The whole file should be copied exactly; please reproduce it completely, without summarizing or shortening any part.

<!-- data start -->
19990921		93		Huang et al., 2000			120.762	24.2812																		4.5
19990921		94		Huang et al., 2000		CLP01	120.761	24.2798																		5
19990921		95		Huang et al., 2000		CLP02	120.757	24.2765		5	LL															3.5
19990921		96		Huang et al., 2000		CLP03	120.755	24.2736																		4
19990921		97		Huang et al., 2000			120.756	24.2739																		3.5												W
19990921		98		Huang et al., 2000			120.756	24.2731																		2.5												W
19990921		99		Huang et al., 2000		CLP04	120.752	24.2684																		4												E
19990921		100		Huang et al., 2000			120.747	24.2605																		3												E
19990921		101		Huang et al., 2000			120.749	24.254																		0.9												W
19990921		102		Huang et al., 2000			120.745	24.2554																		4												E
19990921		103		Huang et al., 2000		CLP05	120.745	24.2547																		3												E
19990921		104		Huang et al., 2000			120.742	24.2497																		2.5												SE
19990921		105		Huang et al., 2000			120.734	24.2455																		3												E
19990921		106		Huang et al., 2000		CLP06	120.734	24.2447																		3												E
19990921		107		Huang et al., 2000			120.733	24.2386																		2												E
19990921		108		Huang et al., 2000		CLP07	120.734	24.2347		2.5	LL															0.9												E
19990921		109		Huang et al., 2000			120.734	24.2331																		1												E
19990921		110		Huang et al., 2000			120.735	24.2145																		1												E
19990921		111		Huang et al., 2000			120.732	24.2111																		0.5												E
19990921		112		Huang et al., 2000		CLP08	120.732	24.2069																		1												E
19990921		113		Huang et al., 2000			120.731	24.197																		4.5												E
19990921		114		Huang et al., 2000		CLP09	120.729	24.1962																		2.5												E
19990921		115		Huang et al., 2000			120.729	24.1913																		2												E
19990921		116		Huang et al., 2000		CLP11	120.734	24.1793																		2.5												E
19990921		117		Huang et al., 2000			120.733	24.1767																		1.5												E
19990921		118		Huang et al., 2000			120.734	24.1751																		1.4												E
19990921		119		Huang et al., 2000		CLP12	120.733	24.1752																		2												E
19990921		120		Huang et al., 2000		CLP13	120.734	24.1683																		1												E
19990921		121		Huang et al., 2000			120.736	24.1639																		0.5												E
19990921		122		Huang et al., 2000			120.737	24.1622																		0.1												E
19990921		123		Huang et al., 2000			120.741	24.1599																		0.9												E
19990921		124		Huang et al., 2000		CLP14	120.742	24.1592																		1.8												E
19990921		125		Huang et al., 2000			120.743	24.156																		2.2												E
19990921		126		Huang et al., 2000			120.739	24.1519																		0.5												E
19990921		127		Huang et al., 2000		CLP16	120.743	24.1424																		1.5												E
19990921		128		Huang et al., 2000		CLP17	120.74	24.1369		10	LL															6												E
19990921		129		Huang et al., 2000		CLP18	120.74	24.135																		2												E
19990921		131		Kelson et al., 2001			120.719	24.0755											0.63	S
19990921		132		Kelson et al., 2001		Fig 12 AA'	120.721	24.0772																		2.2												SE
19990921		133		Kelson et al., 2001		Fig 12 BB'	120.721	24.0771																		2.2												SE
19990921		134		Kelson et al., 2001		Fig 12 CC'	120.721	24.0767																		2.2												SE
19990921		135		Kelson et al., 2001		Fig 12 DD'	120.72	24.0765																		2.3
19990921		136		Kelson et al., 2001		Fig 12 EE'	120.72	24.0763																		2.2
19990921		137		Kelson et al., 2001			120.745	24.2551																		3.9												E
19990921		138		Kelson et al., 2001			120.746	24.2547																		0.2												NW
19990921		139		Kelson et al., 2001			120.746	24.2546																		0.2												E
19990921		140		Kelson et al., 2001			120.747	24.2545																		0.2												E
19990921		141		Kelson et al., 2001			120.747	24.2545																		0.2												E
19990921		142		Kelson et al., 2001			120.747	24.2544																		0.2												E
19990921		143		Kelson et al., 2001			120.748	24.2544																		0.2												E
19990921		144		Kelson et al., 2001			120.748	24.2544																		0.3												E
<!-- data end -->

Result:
19990921		93		Huang et al., 2000			120.762	24.2812																		4.5
19990921		94		Huang et al., 2000		CLP01	120.761	24.2798																		5
19990921		95		Huang et al., 2000		CLP02	120.757	24.2765		5	LL															3.5
19990921		96		Huang et al., 2000		CLP03	120.755	24.2736																		4
19990921		97		Huang et al., 2000			120.756	24.2739																		3.5												W
19990921		98		Huang et al., 2000			120.756	24.2731																		2.5												W
19990921		99		Huang et al., 2000		CLP04	120.752	24.2684																		4												E
19990921		100		Huang et al., 2000			120.747	24.2605																		3												E
19990921		101		Huang et al., 2000			120.749	24.254																		0.9												W
19990921		102		Huang et al., 2000			120.745	24.2554																		4												E
19990921		103		Huang et al., 2000		CLP05	120.745	24.2547																		3												E
19990921		104		Huang et al., 2000			120.742	24.2497																		2.5												SE
19990921		105		Huang et al., 2000			120.734	24.2455																		3												E
19990921		106		Huang et al., 2000		CLP06	120.734	24.2447																		3												E
19990921		107		Huang et al., 2000			120.733	24.2386																		2												E
19990921		108		Huang et al., 2000		CLP07	120.734	24.2347		2.5	LL															0.9												E
19990921		109		Huang et al., 2000			120.734	24.2331																		1												E
19990921		110		Huang et al., 2000			120.735	24.2145																		1												E
19990921		111		Huang et al., 2000			120.732	24.2111																		0.5												E
19990921		112		Huang et al., 2000		CLP08	120.732	24.2069																		1												E
19990921		113		Huang et al., 2000			120.731	24.197																		4.5												E
19990921		114		Huang et al., 2000		CLP09	120.729	24.1962																		2.5												E
19990921		115		Huang et al., 2000			120.729	24.1913																		2												E
19990921		116		Huang et al., 2000		CLP11	120.734	24.1793																		2.5												E
19990921		117		Huang et al., 2000			120.733	24.1767																		1.5												E
19990921		118		Huang et al., 2000			120.734	24.1751																		1.4												E
19990921		119		Huang et al., 2000		CLP12	120.733	24.1752																		2												E
19990921		120		Huang et al., 2000		CLP13	120.734	24.1683																		1												E
19990921		121		Huang et al., 2000			120.736	24.1639																		0.5												E
19990921		122		Huang et al., 2000			120.737	24.1622																		0.1												E
19990921		123		Huang et al., 2000			120.741	24.1599																		0.9												E
19990921		124		Huang et al., 2000		CLP14	120.742	24.1592																		1.8												E
19990921		125		Huang et al., 2000			120.743	24.156																		2.2												E
19990921		126		Huang et al., 2000			120.739	24.1519																		0.5												E
19990921		127		Huang et al., 2000		CLP16	120.743	24.1424																		1.5												E
19990921		128		Huang et al., 2000		CLP17	120.74	24.1369		10	LL															6												E
19990921		129		Huang et al., 2000		CLP18	120.74	24.135																		2												E
19990921		131		Kelson et al., 2001			120.719	24.0755											0.63	S
19990921		132		Kelson et al., 2001		Fig 12 AA'	120.721	24.0772																		2.2												SE
19990921		133		Kelson et al., 2001		Fig 12 BB'	120.721	24.0771																		2.2												SE
19990921		134		Kelson et al., 2001		Fig 12 CC'	120.721	24.0767																		2.2												SE
19990921		135		Kelson et al., 2001		Fig 12 DD'	120.72	24.0765																		2.3
19990921		136		Kelson et al., 2001		Fig 12 EE'	120.72	24.0763																		2.2
19990921		137		Kelson et al., 2001			120.745	24.2551																		3.9												E
19990921		138		Kelson et al., 2001			120.746	24.2547																		0.2												NW
19990921		139		Kelson et al., 2001			120.746	24.2546																		0.2												E
19990921		140		Kelson et al., 2001			120.747	24.2545																		0.2												E
19990921		141		Kelson et al., 2001			120.747	24.2545																		0.2												E
19990921		142		Kelson et al., 2001			120.747	24.2544																		0.2												E
19990921		143		Kelson et al., 2001			120.748	24.2544																		0.2												E
19990921		144		Kelson et al., 2001			120.748	24.2544																		0.3												E